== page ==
Dr. Peter Goodwin killed himself this week. He took advantage of Oregon’s 15-year-old assisted-suicide law, which allows residents of the Beaver State to score a legal dose of drugs by obtaining a prescription from an enabling physician.
Goodwin happened to be one of the first physicians to voice support for Oregon’s euphemistically titled “Death With Dignity Act,” which took effect in late 1997.
“I don’t think we would have aid in dying in Oregon without Dr. Goodwin,” said Barbara Coombs Lee, who worked closely with the former family physician to get the law the passed.
Indeed, the late Dr. Goodwin’s legacy is nearly 600 assisted suicides over the past decade and a half, including the record 71 souls who took their own lives in 2011, according to a report this month by the Oregon Public Health Division.
In an interview with National Public Radio, Coombs Lee, who heads an outfit, Compassion and Choices, which helps patients and doctors learn how to use Oregon’s assisted suicide law, complained that it’s unfair to say that a person who takes his or her own life committed “suicide” if their death is imminent and inevitable.
“Would we say that the people who jumped from the World Trade Center committed suicide?” she asked. “I wouldn’t, because the fire was in their face and they chose a different kind of death.”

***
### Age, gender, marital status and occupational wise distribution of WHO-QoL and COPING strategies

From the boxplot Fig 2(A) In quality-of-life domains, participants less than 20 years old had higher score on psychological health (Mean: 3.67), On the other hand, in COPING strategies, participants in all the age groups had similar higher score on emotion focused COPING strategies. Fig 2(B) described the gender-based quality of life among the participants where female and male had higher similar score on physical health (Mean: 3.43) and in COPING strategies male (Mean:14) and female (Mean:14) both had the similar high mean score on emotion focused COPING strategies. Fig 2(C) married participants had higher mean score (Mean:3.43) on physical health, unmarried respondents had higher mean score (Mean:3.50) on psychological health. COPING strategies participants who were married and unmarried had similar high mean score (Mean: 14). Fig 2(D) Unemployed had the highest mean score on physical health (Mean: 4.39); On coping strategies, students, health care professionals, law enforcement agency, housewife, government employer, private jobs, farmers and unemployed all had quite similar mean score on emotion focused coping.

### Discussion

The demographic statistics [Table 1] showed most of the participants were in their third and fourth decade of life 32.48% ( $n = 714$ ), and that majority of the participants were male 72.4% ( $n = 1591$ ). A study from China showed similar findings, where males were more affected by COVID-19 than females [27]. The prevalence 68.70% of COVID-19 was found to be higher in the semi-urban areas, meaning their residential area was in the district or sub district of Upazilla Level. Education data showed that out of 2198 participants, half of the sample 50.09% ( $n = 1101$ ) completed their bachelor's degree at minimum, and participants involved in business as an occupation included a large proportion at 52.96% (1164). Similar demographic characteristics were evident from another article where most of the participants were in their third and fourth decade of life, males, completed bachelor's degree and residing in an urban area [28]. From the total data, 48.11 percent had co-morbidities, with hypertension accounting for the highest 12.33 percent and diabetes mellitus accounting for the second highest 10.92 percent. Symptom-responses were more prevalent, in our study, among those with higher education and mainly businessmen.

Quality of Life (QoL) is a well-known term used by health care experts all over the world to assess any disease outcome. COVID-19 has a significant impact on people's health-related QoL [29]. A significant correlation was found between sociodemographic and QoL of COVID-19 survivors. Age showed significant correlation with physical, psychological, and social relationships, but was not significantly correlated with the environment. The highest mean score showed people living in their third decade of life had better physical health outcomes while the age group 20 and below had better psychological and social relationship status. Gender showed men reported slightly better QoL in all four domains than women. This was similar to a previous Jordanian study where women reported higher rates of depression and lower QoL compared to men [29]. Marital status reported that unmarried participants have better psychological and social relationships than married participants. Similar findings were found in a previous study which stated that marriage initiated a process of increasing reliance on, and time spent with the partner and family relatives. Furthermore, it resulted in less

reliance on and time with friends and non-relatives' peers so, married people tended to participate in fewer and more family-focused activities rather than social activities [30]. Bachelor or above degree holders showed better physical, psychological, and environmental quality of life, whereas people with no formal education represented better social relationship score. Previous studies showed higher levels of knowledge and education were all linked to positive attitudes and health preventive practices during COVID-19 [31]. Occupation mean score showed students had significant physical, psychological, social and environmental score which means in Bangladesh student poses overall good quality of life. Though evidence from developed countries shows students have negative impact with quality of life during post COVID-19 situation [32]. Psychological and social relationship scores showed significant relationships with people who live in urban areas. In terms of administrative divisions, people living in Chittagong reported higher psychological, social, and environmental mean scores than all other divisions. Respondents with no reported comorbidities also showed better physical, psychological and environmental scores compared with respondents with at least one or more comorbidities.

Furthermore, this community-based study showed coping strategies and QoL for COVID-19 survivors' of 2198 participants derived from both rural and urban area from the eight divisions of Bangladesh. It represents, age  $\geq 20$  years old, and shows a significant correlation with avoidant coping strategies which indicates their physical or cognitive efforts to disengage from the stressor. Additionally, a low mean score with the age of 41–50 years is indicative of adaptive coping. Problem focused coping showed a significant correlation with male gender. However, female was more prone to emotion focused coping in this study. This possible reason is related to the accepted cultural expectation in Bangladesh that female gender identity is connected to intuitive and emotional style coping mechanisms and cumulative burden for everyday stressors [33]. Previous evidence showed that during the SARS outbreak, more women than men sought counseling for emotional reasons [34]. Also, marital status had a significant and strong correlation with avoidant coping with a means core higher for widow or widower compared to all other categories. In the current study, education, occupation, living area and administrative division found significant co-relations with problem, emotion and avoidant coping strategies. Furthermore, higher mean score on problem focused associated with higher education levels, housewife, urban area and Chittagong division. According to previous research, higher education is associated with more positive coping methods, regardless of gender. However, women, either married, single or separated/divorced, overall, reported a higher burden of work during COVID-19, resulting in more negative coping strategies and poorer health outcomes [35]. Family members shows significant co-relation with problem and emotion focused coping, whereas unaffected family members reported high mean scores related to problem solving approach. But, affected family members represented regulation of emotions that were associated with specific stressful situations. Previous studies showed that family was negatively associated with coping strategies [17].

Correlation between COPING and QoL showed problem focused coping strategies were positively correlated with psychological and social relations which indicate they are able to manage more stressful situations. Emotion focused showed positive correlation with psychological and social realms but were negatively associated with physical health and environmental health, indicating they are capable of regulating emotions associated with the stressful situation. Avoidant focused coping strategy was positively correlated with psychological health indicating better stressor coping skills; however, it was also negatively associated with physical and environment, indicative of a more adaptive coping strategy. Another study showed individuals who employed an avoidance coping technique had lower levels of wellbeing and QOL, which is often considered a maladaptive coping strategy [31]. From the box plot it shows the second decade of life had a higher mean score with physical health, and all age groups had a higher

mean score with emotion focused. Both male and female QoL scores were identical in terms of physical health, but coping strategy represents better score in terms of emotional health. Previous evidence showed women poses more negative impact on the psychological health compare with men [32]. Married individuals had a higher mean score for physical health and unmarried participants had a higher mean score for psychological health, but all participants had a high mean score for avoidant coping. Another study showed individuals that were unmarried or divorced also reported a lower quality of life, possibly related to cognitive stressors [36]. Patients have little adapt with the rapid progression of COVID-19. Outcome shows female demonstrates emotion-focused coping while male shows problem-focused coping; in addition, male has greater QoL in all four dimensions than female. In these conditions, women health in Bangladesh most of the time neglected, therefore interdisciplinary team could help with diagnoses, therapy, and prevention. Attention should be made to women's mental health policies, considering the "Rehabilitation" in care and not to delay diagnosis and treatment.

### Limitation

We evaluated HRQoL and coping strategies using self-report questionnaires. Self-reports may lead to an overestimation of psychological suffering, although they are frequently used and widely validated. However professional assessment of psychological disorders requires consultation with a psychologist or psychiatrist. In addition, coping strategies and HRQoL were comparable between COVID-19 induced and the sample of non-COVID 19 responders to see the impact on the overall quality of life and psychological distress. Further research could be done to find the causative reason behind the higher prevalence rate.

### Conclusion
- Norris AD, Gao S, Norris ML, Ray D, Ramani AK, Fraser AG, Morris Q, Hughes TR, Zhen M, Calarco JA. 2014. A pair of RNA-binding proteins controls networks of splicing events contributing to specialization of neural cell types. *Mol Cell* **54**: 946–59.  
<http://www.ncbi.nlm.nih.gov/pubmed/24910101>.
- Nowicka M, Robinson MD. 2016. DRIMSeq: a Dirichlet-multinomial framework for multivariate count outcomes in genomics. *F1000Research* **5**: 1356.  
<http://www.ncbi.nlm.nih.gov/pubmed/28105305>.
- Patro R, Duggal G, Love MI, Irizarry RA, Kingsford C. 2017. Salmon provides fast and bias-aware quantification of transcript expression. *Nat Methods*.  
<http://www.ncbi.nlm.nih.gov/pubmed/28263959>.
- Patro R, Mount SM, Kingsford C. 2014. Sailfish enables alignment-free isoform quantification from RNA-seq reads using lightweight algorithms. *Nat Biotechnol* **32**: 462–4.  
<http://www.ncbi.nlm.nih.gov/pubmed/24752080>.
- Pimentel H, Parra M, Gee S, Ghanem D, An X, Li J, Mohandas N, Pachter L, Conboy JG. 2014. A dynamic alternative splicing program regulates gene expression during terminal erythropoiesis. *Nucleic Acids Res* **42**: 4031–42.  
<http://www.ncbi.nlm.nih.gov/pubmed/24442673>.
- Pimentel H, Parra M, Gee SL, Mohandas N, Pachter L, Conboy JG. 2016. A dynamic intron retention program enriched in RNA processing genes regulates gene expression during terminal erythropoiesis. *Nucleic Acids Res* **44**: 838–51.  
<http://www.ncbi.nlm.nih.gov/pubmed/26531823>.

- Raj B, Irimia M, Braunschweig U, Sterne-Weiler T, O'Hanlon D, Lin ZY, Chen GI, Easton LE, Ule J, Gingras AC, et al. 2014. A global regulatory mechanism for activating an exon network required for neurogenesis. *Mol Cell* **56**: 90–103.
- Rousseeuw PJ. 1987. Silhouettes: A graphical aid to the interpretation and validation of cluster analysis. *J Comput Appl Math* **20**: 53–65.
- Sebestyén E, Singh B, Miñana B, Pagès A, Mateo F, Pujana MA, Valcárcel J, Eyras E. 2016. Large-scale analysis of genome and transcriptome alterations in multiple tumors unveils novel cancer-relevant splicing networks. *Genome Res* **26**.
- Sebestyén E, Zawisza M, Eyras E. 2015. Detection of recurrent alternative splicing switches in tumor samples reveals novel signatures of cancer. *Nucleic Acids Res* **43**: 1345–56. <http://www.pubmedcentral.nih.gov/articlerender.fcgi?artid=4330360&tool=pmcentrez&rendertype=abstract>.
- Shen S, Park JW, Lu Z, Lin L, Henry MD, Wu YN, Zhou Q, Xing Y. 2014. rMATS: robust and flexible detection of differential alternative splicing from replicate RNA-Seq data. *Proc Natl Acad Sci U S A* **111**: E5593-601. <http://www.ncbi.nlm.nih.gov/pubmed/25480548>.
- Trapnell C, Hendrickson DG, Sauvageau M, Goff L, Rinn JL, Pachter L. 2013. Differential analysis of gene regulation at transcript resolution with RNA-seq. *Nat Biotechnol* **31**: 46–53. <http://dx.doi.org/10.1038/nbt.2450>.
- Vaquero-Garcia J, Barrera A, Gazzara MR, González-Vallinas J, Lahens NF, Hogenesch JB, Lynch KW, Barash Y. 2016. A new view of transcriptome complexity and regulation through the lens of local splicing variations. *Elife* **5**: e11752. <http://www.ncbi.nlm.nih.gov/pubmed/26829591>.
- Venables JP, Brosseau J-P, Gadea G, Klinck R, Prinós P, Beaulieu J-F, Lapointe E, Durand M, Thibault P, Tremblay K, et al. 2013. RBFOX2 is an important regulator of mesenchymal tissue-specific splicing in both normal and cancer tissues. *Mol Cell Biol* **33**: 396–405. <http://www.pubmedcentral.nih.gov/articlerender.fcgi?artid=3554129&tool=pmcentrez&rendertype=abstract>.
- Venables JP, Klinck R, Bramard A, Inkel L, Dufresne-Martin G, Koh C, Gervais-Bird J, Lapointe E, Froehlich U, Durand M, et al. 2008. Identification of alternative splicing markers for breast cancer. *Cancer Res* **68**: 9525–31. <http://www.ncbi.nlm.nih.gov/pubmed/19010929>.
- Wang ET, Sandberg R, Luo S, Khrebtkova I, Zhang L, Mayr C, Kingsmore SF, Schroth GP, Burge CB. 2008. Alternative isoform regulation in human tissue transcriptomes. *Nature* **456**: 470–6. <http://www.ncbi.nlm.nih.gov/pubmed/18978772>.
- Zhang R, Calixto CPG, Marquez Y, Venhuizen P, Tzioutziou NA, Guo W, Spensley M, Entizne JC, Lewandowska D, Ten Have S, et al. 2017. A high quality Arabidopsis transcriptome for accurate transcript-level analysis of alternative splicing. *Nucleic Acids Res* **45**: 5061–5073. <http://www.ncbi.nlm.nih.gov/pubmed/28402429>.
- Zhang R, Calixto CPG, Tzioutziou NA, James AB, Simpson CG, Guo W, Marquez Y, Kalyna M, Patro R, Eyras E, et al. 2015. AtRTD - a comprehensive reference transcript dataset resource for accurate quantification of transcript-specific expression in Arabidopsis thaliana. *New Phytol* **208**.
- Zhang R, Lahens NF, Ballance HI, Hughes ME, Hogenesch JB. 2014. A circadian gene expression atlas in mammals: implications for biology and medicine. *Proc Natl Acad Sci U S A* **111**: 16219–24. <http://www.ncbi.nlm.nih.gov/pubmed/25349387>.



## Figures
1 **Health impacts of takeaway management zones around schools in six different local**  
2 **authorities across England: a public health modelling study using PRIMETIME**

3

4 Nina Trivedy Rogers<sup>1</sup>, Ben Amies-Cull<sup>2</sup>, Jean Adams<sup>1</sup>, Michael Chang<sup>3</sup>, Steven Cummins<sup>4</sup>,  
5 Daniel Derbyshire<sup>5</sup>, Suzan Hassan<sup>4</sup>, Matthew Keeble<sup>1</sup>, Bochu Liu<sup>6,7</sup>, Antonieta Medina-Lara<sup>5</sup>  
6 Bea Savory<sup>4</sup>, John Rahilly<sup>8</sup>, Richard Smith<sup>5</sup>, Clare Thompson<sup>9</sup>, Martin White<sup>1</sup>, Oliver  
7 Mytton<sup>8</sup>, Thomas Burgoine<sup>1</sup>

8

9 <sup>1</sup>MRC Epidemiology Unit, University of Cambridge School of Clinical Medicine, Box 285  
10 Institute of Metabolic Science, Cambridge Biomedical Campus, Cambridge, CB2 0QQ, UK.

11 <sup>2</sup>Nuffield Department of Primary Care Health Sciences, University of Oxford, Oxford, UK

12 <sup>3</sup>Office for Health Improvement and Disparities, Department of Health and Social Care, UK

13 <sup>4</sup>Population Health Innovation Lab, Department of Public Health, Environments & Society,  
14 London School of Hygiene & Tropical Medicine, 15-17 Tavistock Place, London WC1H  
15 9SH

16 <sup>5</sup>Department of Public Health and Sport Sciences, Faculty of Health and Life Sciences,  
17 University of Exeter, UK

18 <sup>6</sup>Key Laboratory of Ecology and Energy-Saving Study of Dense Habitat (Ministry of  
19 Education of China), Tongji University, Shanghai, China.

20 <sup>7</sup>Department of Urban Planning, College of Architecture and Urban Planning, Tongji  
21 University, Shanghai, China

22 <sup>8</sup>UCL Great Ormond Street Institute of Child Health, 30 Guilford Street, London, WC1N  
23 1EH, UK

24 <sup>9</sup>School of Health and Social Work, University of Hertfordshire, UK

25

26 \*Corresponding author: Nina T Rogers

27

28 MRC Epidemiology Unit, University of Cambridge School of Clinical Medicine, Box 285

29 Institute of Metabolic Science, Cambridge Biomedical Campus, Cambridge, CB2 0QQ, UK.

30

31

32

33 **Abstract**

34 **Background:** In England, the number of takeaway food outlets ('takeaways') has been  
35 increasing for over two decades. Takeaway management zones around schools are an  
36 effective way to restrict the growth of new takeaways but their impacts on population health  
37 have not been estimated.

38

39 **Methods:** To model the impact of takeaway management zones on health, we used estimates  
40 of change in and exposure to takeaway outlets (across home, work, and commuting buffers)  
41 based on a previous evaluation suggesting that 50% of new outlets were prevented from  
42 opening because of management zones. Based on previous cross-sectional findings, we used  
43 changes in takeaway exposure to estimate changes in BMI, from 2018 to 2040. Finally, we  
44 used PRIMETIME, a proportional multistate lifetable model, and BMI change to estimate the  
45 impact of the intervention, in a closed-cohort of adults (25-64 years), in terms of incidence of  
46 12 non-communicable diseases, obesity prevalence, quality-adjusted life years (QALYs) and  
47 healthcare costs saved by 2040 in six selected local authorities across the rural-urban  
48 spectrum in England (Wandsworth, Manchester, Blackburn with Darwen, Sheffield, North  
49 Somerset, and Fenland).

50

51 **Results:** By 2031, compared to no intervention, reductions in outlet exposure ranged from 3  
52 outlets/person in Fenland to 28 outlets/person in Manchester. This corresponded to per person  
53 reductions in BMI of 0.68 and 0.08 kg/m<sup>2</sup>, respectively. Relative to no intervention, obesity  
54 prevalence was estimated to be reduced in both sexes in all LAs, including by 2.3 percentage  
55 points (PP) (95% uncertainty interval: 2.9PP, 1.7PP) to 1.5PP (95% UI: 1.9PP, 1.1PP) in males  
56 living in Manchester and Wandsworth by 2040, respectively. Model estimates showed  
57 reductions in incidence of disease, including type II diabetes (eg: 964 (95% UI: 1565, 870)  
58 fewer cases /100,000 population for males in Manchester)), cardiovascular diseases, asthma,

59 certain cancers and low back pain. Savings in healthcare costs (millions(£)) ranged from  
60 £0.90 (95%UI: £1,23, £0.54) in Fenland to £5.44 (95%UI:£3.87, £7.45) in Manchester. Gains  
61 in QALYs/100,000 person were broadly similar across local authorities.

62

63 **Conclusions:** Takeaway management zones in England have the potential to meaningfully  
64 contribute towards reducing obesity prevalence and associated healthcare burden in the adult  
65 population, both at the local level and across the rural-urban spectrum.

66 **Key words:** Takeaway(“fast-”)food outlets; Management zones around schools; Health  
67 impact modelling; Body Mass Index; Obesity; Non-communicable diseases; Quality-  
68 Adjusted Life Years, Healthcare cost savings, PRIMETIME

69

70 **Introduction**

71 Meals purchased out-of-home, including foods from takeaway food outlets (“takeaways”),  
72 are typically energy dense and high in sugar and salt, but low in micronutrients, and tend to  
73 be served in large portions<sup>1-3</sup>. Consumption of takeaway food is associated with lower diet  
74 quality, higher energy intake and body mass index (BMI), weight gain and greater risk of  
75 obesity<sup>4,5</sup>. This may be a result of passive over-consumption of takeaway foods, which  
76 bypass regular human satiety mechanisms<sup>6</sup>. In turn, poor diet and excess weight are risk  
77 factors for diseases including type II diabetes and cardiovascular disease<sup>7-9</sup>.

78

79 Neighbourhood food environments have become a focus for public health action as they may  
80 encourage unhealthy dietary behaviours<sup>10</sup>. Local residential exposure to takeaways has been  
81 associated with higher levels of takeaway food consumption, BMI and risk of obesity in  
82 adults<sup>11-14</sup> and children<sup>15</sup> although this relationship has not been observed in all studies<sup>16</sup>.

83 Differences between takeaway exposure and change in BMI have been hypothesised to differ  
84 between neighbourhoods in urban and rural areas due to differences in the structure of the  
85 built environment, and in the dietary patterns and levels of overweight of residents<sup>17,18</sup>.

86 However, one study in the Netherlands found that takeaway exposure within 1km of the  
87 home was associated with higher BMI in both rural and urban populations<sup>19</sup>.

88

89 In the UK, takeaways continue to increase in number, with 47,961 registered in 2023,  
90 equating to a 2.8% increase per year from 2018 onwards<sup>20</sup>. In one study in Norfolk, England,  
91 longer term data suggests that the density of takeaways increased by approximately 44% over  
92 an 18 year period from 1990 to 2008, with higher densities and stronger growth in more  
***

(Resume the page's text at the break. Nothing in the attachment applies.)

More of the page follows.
That’s the kind of specious reasoning that provides the dubious intellectual and ethical underpinnings of Oregon’s assisted suicide law. It is on a par with the argument of abortion-rights advocates that taking the life of a pre-born child is not infanticide because the child has not emerged from his or her mother’s womb.
What particularly troubles about Oregon’s assisted suicide law is that it is almost as easy for a person to obtain a lethal dose of drugs – Dr. Goodwin reportedly swallowed a fast-acting barbiturate prescribed by his doctor – as it is in Californiato obtain a doctor’s prescription for “medicinal” marijuana.
There is little doubt that some of those who took advantage of Oregon’s assisted suicide law really weren’t six months away from the grave. There also is little doubt that some of those who took their lives suffered from depression or other mental issues.
Yet, the Public Health Division’s annual report revealed that only one of the 71 individuals who died by physician assisted suicide last year was referred to a psychiatrist or psychologist for formal evaluation. Moreover, doctors who prescribed fatal doses of drugs were present for the deaths of only six of those who took their own lives.
One needn’t be a pro-life Christian to find Oregon’s assistant suicide law morally repugnant. There is no “dignity” in artificially hastening the death of those diagnosed as terminally ill.